JL: Stig Svendsen has said you’re very much one of these producers that are all about the good of the film. How much of this stems from you being a writer? On some level, is it hard for you to take criticism during filming on a project that you’ve vested so much time in as a writer?

MR: I’ve been a writer for 30 years and I’ve worked with the kind of producers you’d never want to work with again. I didn’t want to be that producer, the one that treats creative people like irresponsible children. I’ve always thought the goal of a quality producer is to make the best film possible, and once you’ve chosen your key creative personnel, you have to trust them as professionals to do the job they’ve been hired for. One of the first things I told the production department was my distaste for the boundaries between production and creative. We’re all creative and we all have something to contribute to the final film. If a second AD can make an actor happier, doesn’t that help the film? I believe it worked, we built a trust.

As far as my relationship with Stig goes, he shook me out of my cynicism. In casting, he’d always go to the top. My first thought was, we haven’t got a snowball’s chance in Hell, but then I’d think, “Why not?” If I could see the benefit in anything the crew wanted and we could find a way to pay for it, I’d try to get it. We were all pulling on the same end of the rope.

JL: Being as how I’m sure you have such a vested interest with your screenplays, how does it differ for you being able to serve as producer on a project as well? Being able to have more control over the whole process as opposed to such films as ‘December Boys’ where you have to just sit back and let another director and producer flesh it out on screen.

MR: I was very involved with “December Boys,” because I was friends with the director and I promised not to be a nuisance. Sometimes it doesn’t work out that way and it’s not much fun. On “Elevator” I wanted as much control as I could get. I wanted to sink or swim based on my own efforts. It’s exhilarating and frightening in equal measure. I was very, very lucky to be surrounded by people who were smart and generous. I may be different than most writers, but once I finish a script, I’m not that invested, it’s almost like someone else had written it. I still want the check sent to me.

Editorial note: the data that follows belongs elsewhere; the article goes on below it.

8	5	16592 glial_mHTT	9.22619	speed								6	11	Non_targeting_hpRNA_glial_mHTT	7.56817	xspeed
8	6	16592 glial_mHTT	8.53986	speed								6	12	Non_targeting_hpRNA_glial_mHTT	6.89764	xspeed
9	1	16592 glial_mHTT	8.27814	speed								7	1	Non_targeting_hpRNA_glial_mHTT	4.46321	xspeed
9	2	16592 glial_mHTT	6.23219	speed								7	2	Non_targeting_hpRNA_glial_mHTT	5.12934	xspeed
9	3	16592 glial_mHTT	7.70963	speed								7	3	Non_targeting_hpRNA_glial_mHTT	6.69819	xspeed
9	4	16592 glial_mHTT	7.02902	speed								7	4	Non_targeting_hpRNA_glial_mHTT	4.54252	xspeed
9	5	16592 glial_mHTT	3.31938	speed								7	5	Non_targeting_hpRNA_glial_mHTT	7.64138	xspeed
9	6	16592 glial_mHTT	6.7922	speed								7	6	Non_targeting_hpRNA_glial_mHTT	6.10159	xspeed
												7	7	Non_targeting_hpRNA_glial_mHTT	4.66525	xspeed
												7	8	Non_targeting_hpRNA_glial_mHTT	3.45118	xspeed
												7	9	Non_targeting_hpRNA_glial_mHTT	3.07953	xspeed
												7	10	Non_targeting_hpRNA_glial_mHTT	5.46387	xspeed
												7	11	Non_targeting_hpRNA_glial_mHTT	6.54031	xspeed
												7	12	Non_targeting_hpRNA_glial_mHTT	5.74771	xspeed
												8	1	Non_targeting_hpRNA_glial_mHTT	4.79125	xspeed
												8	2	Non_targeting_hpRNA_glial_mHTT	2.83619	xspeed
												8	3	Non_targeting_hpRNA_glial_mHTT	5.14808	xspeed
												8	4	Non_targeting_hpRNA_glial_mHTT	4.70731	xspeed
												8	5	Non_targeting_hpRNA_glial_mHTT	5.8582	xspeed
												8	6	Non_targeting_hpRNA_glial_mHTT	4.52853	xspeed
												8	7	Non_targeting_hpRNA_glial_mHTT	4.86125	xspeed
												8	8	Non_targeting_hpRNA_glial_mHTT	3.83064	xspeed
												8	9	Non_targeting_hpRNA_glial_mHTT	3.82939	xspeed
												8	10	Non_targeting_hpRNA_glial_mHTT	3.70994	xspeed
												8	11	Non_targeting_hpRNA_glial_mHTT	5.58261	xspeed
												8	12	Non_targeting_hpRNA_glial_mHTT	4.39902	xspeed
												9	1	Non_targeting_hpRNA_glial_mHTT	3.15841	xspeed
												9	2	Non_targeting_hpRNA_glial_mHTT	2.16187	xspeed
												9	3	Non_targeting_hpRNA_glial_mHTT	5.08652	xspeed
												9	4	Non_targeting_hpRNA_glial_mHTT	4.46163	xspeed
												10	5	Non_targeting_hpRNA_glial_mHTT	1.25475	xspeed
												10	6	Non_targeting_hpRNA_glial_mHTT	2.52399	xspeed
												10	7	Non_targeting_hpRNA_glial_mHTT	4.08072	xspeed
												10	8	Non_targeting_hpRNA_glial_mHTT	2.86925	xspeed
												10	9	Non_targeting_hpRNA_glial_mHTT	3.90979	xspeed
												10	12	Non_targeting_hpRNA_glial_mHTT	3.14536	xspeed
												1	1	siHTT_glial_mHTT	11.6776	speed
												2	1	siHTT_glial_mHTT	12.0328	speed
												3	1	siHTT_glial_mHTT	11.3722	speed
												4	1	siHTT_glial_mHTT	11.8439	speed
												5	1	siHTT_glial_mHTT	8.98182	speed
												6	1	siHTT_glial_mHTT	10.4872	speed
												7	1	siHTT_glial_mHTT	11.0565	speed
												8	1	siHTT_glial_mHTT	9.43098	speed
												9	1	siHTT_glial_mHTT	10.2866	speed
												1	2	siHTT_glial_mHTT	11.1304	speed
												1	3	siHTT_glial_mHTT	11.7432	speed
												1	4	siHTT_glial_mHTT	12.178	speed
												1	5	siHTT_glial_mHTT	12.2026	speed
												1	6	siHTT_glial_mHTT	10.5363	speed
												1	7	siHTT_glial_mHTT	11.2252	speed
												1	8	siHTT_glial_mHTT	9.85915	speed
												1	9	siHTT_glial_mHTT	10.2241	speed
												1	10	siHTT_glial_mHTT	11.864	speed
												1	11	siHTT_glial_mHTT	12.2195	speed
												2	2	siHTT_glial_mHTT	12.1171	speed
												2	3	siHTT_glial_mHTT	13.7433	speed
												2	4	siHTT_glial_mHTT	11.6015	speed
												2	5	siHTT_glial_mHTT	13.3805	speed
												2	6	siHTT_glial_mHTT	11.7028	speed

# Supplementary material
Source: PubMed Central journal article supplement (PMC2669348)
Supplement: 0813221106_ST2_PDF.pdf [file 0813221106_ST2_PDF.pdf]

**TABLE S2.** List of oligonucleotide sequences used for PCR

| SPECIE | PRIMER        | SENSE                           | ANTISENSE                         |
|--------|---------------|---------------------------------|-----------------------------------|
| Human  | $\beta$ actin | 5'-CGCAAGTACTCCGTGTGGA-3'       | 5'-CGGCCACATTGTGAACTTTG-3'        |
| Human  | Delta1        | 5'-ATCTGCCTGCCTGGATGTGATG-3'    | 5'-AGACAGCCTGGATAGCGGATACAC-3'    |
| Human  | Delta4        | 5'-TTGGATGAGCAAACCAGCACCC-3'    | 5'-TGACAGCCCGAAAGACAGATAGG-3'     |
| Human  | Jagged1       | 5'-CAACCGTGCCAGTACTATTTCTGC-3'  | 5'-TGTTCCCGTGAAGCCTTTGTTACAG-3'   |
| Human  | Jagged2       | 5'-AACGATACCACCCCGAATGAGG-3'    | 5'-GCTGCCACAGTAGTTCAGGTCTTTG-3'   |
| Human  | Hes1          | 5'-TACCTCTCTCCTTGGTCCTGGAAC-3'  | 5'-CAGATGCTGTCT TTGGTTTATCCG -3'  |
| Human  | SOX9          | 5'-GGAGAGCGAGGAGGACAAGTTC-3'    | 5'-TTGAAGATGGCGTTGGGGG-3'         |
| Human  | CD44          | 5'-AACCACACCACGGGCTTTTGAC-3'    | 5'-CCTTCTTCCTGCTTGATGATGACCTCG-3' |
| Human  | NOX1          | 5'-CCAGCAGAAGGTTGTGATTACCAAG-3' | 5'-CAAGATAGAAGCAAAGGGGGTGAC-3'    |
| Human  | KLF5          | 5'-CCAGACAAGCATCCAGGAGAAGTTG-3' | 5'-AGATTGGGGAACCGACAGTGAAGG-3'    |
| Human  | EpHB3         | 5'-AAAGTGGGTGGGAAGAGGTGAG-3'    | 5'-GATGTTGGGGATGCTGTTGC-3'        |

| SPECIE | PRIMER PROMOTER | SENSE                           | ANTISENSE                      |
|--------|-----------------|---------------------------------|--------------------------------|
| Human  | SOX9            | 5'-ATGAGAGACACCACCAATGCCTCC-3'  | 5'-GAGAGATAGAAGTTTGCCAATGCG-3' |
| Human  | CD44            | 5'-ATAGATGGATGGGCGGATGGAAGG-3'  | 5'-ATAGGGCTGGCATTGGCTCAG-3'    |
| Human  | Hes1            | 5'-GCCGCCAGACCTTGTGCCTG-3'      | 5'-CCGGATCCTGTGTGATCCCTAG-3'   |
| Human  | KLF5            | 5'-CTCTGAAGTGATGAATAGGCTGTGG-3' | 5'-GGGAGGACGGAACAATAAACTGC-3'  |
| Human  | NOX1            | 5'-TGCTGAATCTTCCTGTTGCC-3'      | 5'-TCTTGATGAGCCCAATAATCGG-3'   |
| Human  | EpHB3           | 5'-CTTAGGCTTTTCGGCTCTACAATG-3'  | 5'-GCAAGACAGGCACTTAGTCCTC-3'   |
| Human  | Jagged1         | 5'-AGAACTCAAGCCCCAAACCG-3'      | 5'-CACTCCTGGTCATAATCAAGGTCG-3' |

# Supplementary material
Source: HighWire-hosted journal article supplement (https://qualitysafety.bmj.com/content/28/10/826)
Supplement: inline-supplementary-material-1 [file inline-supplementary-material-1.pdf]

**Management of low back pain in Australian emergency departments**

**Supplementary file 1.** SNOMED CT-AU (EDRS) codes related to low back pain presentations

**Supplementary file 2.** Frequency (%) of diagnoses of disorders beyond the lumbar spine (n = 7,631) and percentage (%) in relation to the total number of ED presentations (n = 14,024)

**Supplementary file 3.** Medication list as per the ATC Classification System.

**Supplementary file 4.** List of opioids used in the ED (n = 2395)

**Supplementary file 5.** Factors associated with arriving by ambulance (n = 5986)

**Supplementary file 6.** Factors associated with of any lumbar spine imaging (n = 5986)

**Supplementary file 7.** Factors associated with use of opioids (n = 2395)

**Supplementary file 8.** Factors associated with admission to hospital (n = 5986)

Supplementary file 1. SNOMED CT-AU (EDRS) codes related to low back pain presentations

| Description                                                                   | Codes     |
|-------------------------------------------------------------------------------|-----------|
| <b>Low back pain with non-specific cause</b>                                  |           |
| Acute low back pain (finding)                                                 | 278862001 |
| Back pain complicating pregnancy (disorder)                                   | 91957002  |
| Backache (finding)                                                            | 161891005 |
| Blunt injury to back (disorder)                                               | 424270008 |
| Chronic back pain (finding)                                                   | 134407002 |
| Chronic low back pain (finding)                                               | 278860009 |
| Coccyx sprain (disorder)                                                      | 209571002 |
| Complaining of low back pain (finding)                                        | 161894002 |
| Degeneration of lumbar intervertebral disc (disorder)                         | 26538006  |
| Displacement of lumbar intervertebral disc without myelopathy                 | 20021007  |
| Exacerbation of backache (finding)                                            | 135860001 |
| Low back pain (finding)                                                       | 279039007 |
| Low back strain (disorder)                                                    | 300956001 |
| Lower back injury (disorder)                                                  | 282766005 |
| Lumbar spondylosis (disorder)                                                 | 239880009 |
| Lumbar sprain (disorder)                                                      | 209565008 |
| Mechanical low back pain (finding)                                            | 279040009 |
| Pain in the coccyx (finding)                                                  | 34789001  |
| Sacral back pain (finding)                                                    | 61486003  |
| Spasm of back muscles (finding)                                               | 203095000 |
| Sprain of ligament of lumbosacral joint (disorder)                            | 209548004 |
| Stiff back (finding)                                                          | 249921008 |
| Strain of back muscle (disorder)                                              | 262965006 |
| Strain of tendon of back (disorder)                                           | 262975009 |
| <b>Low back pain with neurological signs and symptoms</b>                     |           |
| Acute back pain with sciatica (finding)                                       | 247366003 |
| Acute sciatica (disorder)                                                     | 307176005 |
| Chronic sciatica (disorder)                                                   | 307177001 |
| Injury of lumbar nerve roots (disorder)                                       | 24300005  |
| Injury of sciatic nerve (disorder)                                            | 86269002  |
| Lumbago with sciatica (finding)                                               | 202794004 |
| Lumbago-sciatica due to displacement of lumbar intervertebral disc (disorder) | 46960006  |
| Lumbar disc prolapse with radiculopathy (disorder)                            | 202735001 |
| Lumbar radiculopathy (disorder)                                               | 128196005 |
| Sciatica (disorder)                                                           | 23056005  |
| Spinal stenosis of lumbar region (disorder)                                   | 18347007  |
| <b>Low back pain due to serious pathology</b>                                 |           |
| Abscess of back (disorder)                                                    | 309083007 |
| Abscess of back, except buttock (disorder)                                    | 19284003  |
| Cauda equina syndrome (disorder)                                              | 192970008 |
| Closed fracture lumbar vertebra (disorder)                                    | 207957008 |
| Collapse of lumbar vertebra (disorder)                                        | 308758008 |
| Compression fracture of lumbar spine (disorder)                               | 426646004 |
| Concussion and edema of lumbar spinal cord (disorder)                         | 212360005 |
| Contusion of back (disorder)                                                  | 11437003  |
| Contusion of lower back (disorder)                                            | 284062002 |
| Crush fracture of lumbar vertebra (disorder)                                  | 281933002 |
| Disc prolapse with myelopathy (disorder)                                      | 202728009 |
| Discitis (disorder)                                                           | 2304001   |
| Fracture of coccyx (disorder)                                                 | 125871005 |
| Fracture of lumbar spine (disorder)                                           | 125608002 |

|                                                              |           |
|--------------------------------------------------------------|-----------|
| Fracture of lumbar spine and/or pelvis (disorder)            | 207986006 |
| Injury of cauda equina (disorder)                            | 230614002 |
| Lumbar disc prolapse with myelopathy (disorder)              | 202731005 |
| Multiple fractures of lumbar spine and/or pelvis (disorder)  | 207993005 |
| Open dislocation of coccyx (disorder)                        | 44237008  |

JL: What’s it like for you watching your writing adapted on screen? I would think on some level, as much time as you put into it, a screenplay becomes something like your baby. How is it watching your baby essentially grow up right before your eyes?

MR: That whole concept of it “being my baby” is foreign to me. I was constantly being asked what it felt like, and to be perfectly honest, it just seems like this cousin that I’ve seen photos of. Perhaps early on in my career I would have been more possessive, but not any more. When I’m writing it, it’s fun and challenging, and I put my heart and soul into it, so perhaps when I’ve finished I’m just spent.

JL: You talk about wanting to have as much control as you could on “Elevator” and how that “sink or swim on your own efforts” is exhilarating for you. With that in mind, have you thought about ever making that final leap and take a seat in the director’s chair as well? Maybe at some point do your own project that you write, produce and direct?